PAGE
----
Now we should be done. Time to try things out. Let us trigger the function via an event from the Commerce Cloud Mock dashboard and see what the log tells us:
Our Kyma function gets triggered by the event:
We get the order history from our mocked ABAP service:
We get the result from your sentiment analysis:
So, things finally worked out!
But wait: we wanted to do something with the Business Rule Service on SAP Cloud Platform, right?
What about the decision service … well I tried
UPDATE: Thanks to Archana Shukla and team (see comments) the issues with the booster could be sorted out on my account, delivering the expected experience from the ABAP Steampunk booster. In addition the Business Rule Service setup changed with respect to the app router (see comment below and updated help.sap.com section).
So expect some more to come in that area, am I right Martin Pankraz 🙂
Ideally the decision of the follow-up actions after the sentiment analysis is determined via a decision service or business rules. SAP Cloud Platform offers such a service namely the Business Rules service. What is even better there is a booster available for setting things up comprising the Workflow and the Business Rules Service:
As the booster for ABAP went through quite smoothly, I gave it a go and what came back is:
Next stop: developers.sap.com to see if there is some tutorial to follow along and yes there is (https://developers.sap.com/tutorials/cp-starter-ibpm-employeeonboarding-1-setup.html) but this tutorial also uses the booster ☹.
Attention: these sections might be misleading as they are relevant for customers with a Portal service only (kind of legacy so to say). So when setting up you Business Rules as of now in the Cloud Foundry area, just follow along the description in the “Initial Setup” section of help.sap.com ignoring the Portal-related topics
So for the moment my journey with respect to business rules stopped at this point, but it will be continued.
Summarizing the journey of a side-by-side extension with Kyma and Microsoft Azure I would state that building side-by-side extensions with these building blocks is a feasible task. From the SAP side of the house there is quite some value in Kyma. Nevertheless, you cannot achieve everything in Kyma, so taking the best of different worlds can give rise to really cool new extensions of course especially when bringing in Microsoft Azure (I am biased okay 😉) and add a lot of value in the business processes for internal and external customers.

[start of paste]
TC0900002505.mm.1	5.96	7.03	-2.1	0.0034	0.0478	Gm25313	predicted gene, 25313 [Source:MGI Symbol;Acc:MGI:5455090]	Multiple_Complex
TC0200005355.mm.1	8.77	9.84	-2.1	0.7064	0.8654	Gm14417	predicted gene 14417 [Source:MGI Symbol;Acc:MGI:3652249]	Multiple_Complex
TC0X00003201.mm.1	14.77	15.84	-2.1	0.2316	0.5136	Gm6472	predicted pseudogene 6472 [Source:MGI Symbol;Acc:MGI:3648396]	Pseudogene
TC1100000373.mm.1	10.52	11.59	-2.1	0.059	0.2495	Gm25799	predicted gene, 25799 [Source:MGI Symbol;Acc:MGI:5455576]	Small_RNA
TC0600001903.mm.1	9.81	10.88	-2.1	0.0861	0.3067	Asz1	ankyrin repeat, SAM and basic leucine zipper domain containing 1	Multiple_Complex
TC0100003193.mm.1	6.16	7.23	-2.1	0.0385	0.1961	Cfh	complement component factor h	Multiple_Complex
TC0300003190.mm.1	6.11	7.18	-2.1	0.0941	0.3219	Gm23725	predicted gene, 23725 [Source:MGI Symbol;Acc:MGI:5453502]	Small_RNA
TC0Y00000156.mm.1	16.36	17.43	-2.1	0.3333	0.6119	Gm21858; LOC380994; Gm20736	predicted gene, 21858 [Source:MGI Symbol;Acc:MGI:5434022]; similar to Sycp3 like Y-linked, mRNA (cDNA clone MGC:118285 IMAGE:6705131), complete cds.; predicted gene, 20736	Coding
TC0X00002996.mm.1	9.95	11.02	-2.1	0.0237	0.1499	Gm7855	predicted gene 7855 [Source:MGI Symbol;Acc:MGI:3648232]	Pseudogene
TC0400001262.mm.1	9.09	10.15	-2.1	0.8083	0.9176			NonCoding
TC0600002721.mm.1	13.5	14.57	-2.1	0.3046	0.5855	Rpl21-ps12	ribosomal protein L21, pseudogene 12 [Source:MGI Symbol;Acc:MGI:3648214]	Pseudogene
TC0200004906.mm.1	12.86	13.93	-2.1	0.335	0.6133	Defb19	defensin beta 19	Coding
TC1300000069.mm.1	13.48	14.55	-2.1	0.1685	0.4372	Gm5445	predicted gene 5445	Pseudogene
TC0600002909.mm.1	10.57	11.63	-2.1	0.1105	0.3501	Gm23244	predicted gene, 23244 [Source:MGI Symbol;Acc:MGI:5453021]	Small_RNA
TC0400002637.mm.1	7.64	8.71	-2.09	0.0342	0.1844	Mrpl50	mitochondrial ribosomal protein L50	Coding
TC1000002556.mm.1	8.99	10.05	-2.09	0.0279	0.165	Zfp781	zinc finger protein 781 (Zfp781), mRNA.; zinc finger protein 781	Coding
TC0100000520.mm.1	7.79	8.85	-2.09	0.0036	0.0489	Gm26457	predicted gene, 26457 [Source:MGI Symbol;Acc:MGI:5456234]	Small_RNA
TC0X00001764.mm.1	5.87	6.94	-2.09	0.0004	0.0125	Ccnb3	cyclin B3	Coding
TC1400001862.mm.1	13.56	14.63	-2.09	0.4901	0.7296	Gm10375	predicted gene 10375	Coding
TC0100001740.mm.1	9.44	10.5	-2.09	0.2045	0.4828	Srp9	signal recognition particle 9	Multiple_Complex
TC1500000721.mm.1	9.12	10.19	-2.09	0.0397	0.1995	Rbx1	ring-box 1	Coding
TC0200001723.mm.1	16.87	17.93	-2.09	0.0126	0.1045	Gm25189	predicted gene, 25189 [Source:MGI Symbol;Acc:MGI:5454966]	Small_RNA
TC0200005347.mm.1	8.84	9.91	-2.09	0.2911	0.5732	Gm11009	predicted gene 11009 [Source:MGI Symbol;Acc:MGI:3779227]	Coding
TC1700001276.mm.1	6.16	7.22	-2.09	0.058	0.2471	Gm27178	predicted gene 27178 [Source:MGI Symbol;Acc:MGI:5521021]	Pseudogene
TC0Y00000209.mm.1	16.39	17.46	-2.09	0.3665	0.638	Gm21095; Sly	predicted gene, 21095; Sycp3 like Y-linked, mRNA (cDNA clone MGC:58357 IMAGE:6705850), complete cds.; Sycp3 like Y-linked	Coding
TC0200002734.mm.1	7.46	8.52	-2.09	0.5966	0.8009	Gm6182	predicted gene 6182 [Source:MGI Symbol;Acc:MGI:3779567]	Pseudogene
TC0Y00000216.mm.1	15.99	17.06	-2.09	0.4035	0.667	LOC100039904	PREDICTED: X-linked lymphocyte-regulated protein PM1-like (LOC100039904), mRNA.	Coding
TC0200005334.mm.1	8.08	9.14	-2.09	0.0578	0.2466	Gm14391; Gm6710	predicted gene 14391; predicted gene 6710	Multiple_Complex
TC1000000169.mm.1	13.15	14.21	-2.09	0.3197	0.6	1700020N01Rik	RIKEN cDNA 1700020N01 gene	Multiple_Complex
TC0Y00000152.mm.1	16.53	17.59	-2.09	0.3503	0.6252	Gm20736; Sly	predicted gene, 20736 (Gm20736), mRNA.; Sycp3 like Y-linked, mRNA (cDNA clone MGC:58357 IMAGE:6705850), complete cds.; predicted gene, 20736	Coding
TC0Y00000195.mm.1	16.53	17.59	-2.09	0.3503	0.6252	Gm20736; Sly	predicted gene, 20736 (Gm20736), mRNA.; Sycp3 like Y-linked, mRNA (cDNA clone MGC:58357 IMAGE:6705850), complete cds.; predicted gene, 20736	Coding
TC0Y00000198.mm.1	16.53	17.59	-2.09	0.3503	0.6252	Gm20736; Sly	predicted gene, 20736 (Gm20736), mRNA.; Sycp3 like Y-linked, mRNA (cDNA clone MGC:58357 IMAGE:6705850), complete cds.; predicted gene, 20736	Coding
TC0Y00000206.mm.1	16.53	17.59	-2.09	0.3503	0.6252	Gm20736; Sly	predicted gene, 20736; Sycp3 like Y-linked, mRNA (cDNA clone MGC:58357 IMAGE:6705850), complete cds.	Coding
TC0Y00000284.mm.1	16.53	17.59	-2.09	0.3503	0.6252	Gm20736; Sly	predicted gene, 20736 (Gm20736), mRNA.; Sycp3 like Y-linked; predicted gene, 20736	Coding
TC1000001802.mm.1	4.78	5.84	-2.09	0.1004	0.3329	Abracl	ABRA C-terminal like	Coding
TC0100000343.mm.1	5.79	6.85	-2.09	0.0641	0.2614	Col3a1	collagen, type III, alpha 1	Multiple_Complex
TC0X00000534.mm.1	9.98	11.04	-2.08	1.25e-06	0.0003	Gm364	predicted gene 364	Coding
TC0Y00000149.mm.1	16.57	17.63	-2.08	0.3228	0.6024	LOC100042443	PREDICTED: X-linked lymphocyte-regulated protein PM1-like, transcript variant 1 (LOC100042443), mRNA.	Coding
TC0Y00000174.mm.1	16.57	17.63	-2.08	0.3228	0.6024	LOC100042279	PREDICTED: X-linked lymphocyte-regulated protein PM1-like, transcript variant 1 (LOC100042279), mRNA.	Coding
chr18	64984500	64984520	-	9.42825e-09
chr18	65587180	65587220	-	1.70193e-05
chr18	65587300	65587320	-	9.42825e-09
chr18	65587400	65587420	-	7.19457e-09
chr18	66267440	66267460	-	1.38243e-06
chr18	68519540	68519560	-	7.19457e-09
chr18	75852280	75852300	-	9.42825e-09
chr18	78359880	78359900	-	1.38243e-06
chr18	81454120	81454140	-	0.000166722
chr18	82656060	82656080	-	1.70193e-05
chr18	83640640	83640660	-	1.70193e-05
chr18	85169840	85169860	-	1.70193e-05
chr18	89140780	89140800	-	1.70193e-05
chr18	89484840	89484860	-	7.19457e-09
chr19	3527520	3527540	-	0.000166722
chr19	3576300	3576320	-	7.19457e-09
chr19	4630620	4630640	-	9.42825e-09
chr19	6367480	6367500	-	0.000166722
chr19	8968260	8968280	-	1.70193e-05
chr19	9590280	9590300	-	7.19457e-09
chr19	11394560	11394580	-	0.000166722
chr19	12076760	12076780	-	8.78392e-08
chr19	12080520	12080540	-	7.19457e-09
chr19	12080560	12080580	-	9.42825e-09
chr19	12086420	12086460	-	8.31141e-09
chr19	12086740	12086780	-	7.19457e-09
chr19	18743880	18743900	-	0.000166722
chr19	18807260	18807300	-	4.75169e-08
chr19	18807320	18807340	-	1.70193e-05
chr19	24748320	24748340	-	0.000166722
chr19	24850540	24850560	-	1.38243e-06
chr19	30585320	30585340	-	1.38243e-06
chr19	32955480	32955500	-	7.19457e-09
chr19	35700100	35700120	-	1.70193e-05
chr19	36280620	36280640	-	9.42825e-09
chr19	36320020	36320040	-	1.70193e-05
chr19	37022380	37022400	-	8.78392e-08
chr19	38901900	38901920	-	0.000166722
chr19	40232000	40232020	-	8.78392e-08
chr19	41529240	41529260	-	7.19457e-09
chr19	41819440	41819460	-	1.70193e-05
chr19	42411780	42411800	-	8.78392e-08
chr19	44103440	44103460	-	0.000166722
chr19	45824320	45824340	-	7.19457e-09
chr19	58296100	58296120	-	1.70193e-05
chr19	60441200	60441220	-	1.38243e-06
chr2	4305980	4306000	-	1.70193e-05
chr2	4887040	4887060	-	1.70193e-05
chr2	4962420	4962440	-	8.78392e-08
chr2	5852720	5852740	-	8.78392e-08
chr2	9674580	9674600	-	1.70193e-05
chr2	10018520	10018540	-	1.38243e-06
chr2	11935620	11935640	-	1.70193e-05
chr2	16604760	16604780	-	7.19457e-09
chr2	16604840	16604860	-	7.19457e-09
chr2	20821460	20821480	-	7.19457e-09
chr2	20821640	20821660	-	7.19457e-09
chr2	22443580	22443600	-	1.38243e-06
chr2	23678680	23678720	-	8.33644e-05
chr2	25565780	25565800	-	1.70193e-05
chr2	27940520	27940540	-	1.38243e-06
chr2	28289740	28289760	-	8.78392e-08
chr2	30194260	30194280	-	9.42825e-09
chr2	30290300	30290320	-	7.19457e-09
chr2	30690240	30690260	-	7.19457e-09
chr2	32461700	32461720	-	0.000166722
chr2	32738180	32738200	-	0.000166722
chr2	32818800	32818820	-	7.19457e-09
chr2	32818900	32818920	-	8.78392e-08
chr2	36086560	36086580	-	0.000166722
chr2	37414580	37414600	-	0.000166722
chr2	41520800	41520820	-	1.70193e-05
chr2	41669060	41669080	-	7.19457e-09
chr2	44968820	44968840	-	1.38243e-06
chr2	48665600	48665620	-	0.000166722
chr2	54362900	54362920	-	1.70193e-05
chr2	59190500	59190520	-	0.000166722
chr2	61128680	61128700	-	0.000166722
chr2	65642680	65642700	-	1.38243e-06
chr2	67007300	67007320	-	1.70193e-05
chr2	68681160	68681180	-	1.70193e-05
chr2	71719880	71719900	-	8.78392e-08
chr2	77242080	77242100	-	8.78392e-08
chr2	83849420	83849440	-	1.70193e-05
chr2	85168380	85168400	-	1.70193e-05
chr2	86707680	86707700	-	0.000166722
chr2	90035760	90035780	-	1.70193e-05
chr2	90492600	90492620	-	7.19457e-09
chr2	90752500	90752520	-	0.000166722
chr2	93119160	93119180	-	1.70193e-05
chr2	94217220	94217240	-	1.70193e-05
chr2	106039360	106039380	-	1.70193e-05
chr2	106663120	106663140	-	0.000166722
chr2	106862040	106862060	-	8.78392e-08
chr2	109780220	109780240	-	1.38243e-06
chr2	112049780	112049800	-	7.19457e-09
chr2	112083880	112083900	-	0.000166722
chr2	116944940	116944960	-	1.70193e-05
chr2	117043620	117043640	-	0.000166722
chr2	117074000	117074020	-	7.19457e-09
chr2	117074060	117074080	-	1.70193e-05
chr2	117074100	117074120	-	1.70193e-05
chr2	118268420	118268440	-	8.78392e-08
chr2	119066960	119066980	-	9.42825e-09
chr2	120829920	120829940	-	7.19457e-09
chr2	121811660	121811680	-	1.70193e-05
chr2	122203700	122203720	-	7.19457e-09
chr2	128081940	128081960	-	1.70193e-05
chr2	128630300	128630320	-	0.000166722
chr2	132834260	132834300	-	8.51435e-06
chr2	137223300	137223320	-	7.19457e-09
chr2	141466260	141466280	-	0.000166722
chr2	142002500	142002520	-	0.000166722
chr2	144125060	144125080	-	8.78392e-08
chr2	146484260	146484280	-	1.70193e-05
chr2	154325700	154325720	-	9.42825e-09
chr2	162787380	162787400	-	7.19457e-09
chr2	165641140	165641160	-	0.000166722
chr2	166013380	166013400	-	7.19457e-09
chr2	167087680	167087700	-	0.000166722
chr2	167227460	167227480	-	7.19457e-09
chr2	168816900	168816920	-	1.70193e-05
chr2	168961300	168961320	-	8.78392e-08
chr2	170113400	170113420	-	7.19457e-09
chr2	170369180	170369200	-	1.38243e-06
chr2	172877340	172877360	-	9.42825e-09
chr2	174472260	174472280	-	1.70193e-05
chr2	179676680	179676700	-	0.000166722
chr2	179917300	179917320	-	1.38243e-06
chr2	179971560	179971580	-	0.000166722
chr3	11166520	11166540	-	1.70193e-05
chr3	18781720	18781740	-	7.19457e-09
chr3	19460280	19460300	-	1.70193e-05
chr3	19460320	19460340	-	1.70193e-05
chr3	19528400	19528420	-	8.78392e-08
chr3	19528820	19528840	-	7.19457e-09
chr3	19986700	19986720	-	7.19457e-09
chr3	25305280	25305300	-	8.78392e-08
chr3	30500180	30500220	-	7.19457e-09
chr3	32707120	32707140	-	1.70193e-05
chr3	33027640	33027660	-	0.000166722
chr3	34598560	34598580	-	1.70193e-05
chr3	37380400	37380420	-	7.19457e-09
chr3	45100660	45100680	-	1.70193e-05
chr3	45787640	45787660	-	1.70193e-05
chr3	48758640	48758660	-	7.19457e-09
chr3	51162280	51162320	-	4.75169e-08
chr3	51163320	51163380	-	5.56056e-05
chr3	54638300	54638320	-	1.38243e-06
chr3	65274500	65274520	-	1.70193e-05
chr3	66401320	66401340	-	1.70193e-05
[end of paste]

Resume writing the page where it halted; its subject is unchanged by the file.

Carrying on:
Looking more closely to the technical platforms my take-aways are:
- Kyma is the most promising environment on SAP Cloud Platform when it comes to building extensions (I leave the commercials aside). The integration with the SAP ecosystem is smooth, but still a bit limited. In addition, there are some pitfalls that I did not expect. They show that the maturity of the platform needs to be further improved, but from my perspective the foundation to do so is there.
Another important highlight is the documentation on https://kyma-project.io/ and the samples available on GitHub, that support development a lot.
- Microsoft Azure complements the development with numerous beneficial offerings and a very pleasant development experience. Everything worked as expected. Some convenience features would be nice though.
Overall mixing in Microsoft Azure into side-by-side extensions for SAP is a very valid option that you should consider when designing extensions.
Documentation … let us put it this way: compared to SAP there are many many more developers using the platform, so the sources of information are great and so is the official help.
- The SAP Cloud Platform trial has limitations that you need to consider if you can. It depends on the use-case if the offering is sufficient to build real-world proof-of-concepts or to make your hands dirty with some services (including a low entry barrier).
One thing at the very end: special thanks to